. . . And Mischief
By Norman Ornstein
The complete article is currently (3/24/04)
available on the Washington Post website at-- http://www.washingtonpost.com/ac2/wp-dyn?pagename=article&node=&contentId=A14900-2003Nov25¬Found=true [found on this date through a Google search by article title]
November 26, 2003; Page A25
One of the most disgraceful moments in American sports came in the 1972 Olympics, when officials gave the Soviet Union's
basketball team three chances to shoot the ball after the clock had apparently run out -- allowing it to defeat the U.S. team.
American politics now has its own version of that infamous game. Early last Sunday, starting at about 3 a.m., the House
of Representatives began its roll call on the Medicare prescription drug plan -- the most significant vote of the year. The
House votes by electronic device, with each vote normally taking 15 minutes. After the allotted time, the bill, supported
by the president and the Republican leadership, was losing. The vote stayed open. Before long it became clear that an absolute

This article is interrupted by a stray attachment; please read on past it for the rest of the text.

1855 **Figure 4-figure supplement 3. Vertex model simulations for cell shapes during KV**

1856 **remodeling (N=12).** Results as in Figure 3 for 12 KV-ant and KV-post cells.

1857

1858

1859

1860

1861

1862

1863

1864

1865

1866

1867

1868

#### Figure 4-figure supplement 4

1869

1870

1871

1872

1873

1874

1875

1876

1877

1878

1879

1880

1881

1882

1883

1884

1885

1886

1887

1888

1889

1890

majority of the House -- 218 of the 435 members -- had voted no, with only 216 in favor. But the vote stayed open until Republicans
were able to bludgeon two of their members to switch sides. It took two hours and 51 minutes, the longest roll call in modern
House history. ...
In the 22 years that Democrats ran the House after the electronic voting system was put in place, there was only one time
when the vote period substantially exceeded the 15 minutes. ....
The writer is a resident scholar at the American Enterprise Institute.
© 2003 The Washington Post Company